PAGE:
Deutsch: Kleinkindalter / Español: Primera infancia / Português: Primeira infância / Français: Petite enfance / Italiano: Prima infanzia

Toddlerhood in the psychology context refers to a developmental stage that typically ranges from about 1 to 3 years of age. This period is characterized by rapid growth and development across several domains, including physical, cognitive, emotional, and social. Toddlerhood is marked by significant milestones such as the first steps, the development of language, the emergence of a sense of self, and the beginning of independence and autonomy. Psychologists and developmental theorists pay close attention to this stage as it lays the foundation for later development and learning.


Image demonstrating Toddlerhood in the psychology context

During toddlerhood, children experience profound changes that influence their understanding of the world and how they interact with it. Key characteristics of this stage include:

  • Physical Development: Toddlers gain mobility, which allows them to explore their environment. This mobility includes walking, running, and climbing, which are critical for physical development and autonomy.
  • Cognitive Development: This stage sees rapid language acquisition, where toddlers begin to form words and sentences. Their cognitive skills also expand through exploration and play, leading to better problem-solving abilities and understanding of concepts like cause and effect.
  • Emotional and Social Development: Toddlers start to develop a sense of self and begin to exhibit signs of independence, often referred to as the "terrible twos" due to the challenges of navigating their desire for autonomy with their reliance on adults. They also start to show empathy and the ability to play with others, though play can often be parallel (playing alongside but not directly with others).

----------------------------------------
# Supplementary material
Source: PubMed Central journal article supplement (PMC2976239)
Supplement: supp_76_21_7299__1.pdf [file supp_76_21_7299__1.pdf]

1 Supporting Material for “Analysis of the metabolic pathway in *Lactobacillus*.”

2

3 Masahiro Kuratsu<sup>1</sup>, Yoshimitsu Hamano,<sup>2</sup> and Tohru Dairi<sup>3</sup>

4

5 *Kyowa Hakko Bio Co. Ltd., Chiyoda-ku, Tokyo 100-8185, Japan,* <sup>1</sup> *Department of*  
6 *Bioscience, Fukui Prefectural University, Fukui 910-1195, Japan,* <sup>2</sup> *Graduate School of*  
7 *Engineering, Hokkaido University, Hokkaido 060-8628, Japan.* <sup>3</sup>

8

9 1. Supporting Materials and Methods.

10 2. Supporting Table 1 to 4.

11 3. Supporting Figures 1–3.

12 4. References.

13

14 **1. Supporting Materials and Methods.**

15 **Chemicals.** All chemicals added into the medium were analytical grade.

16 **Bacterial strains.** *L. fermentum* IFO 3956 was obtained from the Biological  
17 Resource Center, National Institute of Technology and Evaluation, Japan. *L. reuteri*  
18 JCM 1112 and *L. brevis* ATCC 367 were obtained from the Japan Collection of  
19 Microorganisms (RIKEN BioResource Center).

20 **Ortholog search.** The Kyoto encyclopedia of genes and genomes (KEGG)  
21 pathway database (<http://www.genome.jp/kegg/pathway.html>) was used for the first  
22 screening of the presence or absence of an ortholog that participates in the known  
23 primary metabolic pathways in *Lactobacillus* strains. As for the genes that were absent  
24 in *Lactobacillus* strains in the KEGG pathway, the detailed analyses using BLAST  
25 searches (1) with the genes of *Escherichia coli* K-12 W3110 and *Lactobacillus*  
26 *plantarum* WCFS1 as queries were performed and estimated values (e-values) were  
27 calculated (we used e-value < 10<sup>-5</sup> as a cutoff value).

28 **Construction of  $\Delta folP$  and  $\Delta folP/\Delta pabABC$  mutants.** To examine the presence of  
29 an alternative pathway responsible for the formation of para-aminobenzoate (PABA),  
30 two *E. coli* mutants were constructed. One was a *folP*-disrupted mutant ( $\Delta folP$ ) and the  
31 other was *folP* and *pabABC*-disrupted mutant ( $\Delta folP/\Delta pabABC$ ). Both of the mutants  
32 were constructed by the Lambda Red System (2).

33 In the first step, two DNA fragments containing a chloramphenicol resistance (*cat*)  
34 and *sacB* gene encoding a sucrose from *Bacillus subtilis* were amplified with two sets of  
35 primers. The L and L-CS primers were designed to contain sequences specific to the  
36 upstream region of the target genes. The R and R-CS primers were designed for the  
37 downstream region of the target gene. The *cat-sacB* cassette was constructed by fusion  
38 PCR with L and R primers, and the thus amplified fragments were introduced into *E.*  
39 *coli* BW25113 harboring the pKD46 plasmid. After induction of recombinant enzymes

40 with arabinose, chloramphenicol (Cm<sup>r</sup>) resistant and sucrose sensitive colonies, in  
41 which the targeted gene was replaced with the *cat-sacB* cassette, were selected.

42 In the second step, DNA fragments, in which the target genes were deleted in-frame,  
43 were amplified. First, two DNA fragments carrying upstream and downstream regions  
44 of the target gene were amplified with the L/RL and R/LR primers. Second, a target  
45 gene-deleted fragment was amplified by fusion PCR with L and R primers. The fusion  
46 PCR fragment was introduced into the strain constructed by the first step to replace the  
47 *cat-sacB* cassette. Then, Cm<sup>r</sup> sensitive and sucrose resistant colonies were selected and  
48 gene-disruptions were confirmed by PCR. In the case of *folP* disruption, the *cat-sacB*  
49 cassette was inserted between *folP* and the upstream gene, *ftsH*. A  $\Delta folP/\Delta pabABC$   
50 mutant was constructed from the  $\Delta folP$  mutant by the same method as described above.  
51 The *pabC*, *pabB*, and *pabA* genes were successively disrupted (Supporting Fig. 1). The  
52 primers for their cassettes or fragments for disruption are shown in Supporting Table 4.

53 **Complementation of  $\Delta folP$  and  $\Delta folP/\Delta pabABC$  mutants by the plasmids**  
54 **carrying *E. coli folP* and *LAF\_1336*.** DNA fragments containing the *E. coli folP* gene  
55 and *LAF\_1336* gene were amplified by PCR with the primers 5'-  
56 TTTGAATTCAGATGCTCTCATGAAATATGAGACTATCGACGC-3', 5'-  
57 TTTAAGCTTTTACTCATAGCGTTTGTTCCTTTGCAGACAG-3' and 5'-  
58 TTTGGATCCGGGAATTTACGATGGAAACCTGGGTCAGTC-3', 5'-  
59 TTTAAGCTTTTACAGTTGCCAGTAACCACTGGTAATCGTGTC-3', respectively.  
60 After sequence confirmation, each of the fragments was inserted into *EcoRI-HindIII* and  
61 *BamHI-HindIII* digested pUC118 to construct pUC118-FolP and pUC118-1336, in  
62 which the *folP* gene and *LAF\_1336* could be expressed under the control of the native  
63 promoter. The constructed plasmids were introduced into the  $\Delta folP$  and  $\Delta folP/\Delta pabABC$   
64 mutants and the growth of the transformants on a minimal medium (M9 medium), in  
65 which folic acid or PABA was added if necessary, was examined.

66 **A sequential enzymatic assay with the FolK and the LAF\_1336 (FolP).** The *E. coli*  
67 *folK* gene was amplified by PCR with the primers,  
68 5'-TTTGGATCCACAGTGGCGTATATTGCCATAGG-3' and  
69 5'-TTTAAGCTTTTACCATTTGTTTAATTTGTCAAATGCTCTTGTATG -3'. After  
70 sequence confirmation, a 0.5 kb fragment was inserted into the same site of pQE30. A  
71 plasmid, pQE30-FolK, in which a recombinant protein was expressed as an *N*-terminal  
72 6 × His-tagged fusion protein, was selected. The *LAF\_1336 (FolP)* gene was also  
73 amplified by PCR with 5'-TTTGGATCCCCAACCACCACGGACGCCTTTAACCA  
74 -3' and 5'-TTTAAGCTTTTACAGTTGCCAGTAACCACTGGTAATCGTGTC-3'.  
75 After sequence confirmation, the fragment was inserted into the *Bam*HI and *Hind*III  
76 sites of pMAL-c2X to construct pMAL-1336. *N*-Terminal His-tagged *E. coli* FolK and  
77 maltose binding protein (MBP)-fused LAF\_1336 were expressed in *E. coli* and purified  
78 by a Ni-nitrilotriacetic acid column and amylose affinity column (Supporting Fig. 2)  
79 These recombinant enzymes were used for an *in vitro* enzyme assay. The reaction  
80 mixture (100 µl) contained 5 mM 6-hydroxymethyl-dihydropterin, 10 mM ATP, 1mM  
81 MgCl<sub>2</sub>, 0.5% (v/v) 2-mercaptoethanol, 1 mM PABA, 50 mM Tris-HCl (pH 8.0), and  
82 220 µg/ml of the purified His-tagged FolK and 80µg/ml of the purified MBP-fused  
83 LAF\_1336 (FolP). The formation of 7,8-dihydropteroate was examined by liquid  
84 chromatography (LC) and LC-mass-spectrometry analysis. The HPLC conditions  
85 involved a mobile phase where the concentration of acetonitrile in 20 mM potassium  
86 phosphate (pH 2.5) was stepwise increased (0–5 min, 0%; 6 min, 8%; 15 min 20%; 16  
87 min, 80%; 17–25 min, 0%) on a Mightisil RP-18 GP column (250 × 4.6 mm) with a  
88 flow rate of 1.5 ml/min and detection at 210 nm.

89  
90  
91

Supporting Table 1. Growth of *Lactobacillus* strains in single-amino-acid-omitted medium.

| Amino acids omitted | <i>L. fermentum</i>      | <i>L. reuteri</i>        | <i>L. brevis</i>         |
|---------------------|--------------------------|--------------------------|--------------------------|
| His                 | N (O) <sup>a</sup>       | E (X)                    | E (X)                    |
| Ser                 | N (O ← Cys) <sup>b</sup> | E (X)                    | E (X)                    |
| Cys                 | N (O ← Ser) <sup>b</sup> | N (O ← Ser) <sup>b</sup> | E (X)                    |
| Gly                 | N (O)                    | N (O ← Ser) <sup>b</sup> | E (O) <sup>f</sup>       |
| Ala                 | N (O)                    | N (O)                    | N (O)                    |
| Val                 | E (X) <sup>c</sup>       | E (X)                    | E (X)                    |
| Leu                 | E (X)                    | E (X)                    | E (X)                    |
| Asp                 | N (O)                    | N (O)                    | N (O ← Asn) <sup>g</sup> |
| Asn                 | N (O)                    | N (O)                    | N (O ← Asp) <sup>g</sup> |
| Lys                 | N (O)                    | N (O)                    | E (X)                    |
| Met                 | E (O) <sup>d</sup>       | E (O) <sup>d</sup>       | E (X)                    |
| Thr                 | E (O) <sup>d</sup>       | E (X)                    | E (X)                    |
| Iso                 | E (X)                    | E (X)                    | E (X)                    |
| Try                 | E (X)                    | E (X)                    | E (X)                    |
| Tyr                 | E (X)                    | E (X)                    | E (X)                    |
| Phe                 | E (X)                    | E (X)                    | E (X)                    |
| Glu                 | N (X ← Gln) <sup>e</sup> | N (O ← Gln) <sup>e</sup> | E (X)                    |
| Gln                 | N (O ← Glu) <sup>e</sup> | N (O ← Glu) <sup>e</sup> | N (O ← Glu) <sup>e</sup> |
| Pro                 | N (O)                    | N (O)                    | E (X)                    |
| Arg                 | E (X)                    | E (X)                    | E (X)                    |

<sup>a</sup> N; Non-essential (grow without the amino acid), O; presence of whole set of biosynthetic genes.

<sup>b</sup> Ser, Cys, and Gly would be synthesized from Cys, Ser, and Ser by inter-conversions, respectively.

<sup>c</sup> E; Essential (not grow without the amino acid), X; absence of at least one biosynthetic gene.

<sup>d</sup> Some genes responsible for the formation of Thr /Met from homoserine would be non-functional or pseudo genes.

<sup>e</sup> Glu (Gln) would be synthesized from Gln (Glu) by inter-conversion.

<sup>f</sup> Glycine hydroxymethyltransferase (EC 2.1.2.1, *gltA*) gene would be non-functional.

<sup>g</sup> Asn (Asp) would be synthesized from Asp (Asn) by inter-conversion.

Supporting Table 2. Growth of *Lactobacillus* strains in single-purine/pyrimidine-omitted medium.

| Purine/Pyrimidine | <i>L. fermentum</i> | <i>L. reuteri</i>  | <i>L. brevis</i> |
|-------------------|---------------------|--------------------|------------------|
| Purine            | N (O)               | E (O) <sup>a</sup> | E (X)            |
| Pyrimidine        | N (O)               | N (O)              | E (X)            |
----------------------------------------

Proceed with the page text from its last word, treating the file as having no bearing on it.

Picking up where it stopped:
Application Areas

Understanding toddlerhood is crucial in various psychological and educational settings:

  • Parenting and Family Support: Providing guidance on appropriate expectations, discipline strategies, and nurturing practices to support toddlers' growth.
  • Early Childhood Education: Designing curricula and learning environments that support developmental milestones and prepare toddlers for the transition to preschool.
  • Pediatric Psychology: Assessing and addressing developmental delays or behavioral issues early in life to support optimal development.

Well-Known Examples

Jean Piaget's stages of cognitive development highlight the sensorimotor stage, which lasts until about age 2, overlapping with the beginning of toddlerhood, and marks the development of object permanence. Erik Erikson's stages of psychosocial development describe toddlerhood as the stage of autonomy versus shame and doubt, where children learn to assert their independence.

Treatment and Risks

During toddlerhood, early identification and intervention can address developmental delays or behavioral issues, reducing long-term impacts on learning and development. Risks during this stage include accidents due to increased mobility and exploration, and challenges in managing behavior as toddlers assert their independence.

Similar Terms or Synonyms

  • Early childhood
  • Infancy (late stage)


Toddlerhood is a critical period in developmental psychology characterized by rapid growth in physical mobility, cognitive and language skills, and the beginnings of emotional and social understanding. This stage is foundational for later development, emphasizing the importance of supportive and nurturing environments to facilitate healthy growth and learning.


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